Early in his faith, John Wimber, leader of the Vineyard Movement, once asked his pastor, “so, when do we do the stuff…like healing the sick and casting out demons?” He was inspired to action by the gospel accounts of Jesus’ life and ministry. Yet, these same accounts also show Jesus prioritizing just being. Emulating Jesus’ life means being both active and contemplative.
Jesus: The Active Figure
Especially in the gospel of Mark, Jesus’ life seems like a whirlwind of activity. He gets baptized, is tempted, preaches, drives out demons, heals multitudes, and cleanses lepers. And that’s all in the first chapter!
Later, things get even busier and Mark tells us, “so many people were coming and going [to Jesus and his disciples] that they did not even have a chance to eat.”
Jesus: The Contemplative Figure
Yet, tucked into the first chapter is this glittering verse: “Very early in the morning, while it was still dark, Jesus got up, left the house and went off to a solitary place, where he prayed.”
Other gospels, especially Luke, characterize Jesus by saying he “often withdrew to lonely places and prayed.” Jesus is regularly in solitude, with his Father. This habit was prevalent enough to be noticed and recorded.
Recognizing the Invitation
Most people, especially leaders, pastors, and church planters, spin several plates — with lots on every plate. Various needs demand attention and to-do lists (even Kingdom ones) seem urgent, yet inexhaustible. It can feel like there isn’t enough time for it all.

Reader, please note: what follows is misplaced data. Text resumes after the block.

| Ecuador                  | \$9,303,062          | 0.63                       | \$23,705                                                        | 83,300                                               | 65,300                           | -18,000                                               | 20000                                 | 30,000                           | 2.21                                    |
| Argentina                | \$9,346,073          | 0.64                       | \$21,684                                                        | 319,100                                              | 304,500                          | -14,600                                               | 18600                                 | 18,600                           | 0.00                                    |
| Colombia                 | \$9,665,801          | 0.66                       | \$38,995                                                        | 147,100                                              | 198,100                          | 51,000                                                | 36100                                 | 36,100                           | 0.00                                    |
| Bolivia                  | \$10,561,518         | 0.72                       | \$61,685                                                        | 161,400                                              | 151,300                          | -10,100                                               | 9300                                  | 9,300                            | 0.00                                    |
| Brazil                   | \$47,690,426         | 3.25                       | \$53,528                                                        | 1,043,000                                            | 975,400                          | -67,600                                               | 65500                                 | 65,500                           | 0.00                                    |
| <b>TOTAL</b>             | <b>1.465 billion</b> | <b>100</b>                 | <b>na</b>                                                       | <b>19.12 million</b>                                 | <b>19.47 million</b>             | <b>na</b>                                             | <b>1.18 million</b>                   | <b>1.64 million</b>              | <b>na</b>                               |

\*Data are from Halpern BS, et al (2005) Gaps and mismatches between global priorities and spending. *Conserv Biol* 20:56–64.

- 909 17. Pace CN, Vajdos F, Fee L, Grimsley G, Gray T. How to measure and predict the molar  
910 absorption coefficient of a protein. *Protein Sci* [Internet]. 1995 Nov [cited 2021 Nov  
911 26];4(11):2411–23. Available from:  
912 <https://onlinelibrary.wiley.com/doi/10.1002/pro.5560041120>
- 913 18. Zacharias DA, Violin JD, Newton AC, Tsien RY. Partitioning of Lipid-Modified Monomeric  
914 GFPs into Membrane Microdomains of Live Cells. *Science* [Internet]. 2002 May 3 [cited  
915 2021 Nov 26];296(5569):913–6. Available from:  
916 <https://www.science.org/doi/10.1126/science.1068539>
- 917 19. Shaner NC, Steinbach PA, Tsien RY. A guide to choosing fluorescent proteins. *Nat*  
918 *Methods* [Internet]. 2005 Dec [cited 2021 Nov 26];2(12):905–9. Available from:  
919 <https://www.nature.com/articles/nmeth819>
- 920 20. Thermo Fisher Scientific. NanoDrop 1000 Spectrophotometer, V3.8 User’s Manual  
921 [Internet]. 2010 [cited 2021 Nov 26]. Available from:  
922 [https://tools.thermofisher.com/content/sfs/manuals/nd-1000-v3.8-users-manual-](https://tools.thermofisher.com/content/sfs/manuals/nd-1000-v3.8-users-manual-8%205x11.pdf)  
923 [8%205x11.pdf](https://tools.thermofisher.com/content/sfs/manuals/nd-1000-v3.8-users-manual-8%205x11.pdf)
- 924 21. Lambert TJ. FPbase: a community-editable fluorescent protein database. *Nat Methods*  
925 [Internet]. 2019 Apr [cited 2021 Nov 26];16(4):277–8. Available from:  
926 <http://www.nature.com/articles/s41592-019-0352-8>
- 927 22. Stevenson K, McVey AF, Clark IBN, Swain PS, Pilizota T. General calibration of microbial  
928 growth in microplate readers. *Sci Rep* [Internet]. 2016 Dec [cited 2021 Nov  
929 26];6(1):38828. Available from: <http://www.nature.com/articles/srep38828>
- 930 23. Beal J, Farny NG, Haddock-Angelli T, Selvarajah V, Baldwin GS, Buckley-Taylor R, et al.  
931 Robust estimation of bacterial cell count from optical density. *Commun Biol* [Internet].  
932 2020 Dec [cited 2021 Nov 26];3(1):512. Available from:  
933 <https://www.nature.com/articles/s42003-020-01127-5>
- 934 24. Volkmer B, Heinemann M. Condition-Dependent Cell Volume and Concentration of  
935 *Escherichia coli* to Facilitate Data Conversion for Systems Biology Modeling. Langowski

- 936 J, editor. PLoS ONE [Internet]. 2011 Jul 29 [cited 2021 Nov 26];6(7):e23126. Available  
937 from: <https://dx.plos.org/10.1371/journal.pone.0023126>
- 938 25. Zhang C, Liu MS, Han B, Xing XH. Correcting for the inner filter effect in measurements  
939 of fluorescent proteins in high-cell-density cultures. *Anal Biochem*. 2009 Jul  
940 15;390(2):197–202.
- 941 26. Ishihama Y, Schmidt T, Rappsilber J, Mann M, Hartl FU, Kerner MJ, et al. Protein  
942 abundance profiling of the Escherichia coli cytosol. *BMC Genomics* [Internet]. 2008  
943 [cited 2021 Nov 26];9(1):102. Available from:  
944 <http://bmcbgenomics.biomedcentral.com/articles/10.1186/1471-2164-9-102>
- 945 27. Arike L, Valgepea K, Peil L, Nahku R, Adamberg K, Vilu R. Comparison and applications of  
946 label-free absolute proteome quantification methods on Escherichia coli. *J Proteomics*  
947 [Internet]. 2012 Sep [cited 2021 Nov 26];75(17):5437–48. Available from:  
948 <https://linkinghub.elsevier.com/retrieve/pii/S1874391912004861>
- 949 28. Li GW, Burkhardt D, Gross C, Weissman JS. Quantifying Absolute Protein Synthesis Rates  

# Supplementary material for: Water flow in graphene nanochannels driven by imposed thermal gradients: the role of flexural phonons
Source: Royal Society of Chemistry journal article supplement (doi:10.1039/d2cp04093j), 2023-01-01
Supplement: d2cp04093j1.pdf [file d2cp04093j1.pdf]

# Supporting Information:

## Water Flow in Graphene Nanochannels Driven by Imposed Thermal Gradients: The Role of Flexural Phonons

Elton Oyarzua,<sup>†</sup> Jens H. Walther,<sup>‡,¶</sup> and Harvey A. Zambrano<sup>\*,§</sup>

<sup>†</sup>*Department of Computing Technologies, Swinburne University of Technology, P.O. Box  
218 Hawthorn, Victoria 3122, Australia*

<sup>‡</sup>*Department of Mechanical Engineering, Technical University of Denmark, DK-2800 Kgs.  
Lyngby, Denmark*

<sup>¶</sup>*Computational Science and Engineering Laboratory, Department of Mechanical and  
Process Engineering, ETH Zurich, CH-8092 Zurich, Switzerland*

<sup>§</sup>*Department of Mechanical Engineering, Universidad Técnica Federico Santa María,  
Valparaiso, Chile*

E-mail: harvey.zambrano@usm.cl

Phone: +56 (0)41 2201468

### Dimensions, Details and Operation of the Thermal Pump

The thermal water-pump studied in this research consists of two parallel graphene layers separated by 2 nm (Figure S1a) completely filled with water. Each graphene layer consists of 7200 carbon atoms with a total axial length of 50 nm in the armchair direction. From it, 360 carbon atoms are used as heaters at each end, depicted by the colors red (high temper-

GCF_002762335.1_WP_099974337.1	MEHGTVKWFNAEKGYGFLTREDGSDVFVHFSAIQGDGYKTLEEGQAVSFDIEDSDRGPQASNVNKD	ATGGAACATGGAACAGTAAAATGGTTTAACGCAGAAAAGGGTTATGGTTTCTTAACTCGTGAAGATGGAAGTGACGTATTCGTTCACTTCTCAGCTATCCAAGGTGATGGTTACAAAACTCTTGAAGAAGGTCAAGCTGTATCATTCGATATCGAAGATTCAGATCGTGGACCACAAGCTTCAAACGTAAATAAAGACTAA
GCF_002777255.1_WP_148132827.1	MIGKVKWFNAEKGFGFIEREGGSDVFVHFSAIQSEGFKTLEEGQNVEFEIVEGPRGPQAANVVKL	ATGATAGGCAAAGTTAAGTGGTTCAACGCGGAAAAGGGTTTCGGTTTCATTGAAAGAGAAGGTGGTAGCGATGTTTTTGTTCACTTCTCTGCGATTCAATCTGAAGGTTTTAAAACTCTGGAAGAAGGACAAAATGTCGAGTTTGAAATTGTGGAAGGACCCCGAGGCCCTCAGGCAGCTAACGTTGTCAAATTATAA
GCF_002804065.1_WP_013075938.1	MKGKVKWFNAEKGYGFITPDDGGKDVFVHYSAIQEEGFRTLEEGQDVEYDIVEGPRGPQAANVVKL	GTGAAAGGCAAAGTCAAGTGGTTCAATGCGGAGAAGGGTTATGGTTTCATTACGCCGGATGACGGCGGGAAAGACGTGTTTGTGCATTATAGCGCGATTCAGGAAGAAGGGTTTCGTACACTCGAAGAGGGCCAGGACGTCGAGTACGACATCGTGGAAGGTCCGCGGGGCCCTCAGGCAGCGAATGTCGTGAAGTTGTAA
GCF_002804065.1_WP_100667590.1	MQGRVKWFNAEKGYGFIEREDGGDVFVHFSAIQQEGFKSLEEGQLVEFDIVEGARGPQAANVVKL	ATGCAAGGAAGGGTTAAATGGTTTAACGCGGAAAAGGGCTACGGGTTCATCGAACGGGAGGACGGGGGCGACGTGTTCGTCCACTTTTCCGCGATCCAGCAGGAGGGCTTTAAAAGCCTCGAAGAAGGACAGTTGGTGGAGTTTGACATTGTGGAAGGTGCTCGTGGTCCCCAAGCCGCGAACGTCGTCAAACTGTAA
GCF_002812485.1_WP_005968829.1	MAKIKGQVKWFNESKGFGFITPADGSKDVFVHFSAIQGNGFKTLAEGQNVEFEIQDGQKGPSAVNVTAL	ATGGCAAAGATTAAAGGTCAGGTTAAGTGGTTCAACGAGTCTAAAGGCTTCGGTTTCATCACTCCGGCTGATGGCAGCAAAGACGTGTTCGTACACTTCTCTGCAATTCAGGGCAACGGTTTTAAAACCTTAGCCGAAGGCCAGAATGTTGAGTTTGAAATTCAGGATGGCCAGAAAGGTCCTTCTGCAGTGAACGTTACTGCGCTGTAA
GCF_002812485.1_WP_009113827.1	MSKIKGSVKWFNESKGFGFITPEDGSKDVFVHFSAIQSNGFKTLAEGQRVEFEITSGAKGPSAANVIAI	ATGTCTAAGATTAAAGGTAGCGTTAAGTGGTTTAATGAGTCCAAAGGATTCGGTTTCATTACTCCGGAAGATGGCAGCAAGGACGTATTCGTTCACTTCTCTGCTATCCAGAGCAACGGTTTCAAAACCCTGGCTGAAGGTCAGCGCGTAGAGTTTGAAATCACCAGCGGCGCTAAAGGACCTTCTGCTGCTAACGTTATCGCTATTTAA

We are often busy people with a bloated priority and inclination towards doing that isn’t actually grounded in the Son of God. We have focused on Jesus the active to the point of idolatry, and any form of idolatry always disfigures our view of God, ourselves, and others.
Our real invitation as Christians, as Dallas Willard says, is to live as Jesus “lived in the entirety of his life – adopting his overall life-style.” Being like Jesus means embodying a balanced choreography of both action and contemplation. Because of him we can work and rest, pursue people and withdraw in solitude, do what the Father is doing and be with the Father of being.
Stopping, Noticing, and Responding
How do the active and contemplative movements of Jesus’ life feature in your own life? What sort of cadence do you desire and sense God inviting you to? Discerning these things well involves a spiritual formation that includes stopping, noticing, and responding.
Here are two ways I’ve learned to do this:
- The Ignatian Examen is an excellent way of taking time and discerning your current life with and experience of God. The examen is a form of prayer where you review your day and become aware of your emotions and how God is at work. With the clarity of noticing often comes the clarity of God’s particular and present invitations to you, which helps you respond and arrange your life accordingly. See an example of a typical examen here.
- Spiritual Direction is a relationship where one person, a director, journeys with another, a directee, by providing a safe, unhurried space for them to reflect on the presence, voice, and activity of God in their life. A director asks precise yet gentle questions which invite sharing and listens compassionately so a directee may more deeply understand their experience of God and subsequently decide how they want to respond.
In all this, may we desire to become more fully like Jesus – both active and contemplative.